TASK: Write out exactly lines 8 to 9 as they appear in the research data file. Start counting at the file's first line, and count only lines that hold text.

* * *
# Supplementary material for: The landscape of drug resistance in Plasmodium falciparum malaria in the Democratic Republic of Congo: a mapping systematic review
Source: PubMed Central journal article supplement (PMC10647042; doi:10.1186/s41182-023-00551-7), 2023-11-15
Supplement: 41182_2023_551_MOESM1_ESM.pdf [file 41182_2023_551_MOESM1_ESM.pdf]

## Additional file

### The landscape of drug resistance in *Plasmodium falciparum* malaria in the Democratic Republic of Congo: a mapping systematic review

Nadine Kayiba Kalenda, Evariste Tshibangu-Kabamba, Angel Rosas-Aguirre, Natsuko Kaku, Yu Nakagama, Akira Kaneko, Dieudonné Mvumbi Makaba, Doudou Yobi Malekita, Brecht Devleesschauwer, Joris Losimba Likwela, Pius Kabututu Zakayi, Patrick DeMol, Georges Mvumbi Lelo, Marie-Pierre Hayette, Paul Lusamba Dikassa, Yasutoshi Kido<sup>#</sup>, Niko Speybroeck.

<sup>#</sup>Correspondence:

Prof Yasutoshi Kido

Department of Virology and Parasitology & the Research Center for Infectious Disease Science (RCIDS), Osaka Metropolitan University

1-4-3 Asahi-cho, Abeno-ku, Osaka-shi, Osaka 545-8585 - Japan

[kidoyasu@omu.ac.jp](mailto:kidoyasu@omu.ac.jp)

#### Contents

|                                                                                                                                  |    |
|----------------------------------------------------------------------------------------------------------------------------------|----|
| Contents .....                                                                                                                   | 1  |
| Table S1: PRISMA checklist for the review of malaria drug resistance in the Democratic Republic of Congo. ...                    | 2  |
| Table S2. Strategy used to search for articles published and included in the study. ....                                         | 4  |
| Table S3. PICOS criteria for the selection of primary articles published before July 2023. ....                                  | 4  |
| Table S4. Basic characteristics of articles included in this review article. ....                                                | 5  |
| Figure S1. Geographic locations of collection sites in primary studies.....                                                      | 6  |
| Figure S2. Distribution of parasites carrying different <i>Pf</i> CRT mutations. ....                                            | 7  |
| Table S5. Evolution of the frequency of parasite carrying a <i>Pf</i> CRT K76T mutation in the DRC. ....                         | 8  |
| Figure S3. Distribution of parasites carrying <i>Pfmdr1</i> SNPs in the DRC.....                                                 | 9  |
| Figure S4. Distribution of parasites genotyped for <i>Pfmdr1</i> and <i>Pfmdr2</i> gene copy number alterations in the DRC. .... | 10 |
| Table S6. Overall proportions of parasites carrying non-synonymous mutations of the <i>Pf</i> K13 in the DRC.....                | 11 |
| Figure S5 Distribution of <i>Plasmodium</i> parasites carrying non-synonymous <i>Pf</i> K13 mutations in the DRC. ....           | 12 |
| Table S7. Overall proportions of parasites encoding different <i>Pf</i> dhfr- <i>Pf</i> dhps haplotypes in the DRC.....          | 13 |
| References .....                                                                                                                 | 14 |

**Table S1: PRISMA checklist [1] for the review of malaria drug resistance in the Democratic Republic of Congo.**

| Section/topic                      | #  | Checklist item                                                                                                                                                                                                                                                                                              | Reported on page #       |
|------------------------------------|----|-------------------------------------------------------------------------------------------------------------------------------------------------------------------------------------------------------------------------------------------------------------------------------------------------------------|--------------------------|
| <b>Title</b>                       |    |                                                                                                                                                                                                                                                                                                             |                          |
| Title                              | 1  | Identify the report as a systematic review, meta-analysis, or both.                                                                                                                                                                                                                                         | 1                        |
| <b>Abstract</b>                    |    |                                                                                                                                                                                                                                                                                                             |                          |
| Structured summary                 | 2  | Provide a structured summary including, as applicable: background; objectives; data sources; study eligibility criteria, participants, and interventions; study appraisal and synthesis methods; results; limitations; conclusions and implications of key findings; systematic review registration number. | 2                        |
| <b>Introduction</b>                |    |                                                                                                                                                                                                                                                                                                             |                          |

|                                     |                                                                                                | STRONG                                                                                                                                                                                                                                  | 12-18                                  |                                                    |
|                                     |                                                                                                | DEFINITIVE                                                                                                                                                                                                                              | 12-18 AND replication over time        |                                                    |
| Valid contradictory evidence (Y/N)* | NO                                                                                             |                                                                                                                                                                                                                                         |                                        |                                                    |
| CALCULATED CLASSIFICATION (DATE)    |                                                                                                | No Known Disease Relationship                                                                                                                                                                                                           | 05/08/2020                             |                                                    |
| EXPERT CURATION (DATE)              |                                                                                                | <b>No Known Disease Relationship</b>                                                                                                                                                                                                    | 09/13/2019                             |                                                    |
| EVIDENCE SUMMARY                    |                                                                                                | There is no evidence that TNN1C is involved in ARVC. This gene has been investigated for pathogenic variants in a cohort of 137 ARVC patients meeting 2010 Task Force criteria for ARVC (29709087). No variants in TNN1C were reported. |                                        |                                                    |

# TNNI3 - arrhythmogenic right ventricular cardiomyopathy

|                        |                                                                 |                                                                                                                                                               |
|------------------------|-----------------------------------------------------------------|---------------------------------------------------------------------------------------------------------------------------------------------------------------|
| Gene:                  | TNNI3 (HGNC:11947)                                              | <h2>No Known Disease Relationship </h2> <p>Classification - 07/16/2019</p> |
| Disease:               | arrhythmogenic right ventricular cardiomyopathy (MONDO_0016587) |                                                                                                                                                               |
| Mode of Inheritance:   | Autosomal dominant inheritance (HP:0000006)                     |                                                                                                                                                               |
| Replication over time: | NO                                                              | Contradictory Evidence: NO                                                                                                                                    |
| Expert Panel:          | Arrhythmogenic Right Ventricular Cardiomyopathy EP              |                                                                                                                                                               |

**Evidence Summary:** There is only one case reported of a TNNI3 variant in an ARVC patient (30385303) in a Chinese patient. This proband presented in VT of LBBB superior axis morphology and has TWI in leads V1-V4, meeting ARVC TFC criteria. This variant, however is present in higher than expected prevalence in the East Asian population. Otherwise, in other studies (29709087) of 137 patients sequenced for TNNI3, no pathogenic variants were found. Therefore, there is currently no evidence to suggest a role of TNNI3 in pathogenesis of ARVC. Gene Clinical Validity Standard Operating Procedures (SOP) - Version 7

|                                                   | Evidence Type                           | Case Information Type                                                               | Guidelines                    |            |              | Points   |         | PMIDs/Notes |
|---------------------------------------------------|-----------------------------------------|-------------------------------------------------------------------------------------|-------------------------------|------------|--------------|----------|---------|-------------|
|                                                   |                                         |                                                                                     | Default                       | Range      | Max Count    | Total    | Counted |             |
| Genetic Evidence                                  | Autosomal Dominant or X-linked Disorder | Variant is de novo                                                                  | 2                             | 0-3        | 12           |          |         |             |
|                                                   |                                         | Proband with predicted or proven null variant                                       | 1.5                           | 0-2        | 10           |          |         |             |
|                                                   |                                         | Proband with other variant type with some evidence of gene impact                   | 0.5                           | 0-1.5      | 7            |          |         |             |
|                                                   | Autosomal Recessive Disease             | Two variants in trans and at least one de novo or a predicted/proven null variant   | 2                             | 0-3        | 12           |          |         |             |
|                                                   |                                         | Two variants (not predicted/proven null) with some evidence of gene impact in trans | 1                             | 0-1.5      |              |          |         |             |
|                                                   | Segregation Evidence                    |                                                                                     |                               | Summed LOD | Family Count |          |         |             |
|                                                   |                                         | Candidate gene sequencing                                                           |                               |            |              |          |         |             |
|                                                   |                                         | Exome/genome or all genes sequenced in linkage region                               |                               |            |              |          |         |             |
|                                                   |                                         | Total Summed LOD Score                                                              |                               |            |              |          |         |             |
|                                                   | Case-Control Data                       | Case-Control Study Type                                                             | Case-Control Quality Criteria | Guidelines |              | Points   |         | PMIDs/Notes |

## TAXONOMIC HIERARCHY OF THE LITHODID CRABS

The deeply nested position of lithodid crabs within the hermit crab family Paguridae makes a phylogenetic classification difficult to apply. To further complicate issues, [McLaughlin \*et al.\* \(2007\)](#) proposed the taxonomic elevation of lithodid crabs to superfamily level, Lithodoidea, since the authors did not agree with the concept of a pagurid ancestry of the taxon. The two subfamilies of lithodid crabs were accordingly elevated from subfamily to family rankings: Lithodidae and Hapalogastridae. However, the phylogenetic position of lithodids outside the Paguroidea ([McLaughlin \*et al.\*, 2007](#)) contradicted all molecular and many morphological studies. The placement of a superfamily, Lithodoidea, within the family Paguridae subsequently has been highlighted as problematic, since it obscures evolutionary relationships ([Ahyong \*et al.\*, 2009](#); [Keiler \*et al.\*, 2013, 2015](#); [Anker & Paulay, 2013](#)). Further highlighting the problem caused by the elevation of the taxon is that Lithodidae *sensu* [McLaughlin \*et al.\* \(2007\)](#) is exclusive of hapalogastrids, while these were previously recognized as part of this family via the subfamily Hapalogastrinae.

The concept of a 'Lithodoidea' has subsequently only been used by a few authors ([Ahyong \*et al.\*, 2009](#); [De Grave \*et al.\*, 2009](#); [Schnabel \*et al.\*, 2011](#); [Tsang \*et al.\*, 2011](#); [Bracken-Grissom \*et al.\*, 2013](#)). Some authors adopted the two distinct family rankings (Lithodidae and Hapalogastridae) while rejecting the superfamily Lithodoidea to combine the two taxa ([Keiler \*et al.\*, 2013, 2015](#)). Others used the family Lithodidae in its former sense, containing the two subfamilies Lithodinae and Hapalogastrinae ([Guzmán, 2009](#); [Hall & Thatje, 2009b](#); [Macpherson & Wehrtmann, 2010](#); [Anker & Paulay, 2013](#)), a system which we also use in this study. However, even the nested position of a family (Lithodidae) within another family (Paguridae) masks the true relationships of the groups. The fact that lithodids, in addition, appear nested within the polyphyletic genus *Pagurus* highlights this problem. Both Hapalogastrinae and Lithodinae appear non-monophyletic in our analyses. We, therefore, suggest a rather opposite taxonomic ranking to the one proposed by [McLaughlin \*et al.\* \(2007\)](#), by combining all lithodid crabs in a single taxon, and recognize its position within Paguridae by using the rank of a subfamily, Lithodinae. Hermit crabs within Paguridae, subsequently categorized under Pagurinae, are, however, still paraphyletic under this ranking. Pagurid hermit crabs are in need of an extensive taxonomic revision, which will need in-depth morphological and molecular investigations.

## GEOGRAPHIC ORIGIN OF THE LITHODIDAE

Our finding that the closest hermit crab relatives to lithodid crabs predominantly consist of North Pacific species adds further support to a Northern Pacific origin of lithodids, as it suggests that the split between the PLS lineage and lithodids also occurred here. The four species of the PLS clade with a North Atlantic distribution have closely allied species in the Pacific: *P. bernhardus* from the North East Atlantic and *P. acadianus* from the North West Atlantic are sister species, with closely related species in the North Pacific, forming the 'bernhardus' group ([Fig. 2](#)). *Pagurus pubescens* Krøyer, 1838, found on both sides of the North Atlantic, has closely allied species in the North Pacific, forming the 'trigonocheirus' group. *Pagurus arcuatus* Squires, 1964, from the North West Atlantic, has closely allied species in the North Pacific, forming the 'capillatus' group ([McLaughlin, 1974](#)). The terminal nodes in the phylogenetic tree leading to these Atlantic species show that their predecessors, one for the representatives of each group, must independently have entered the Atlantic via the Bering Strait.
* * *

Prof Yasutoshi Kido

Department of Virology and Parasitology & the Research Center for Infectious Disease Science (RCIDS), Osaka Metropolitan University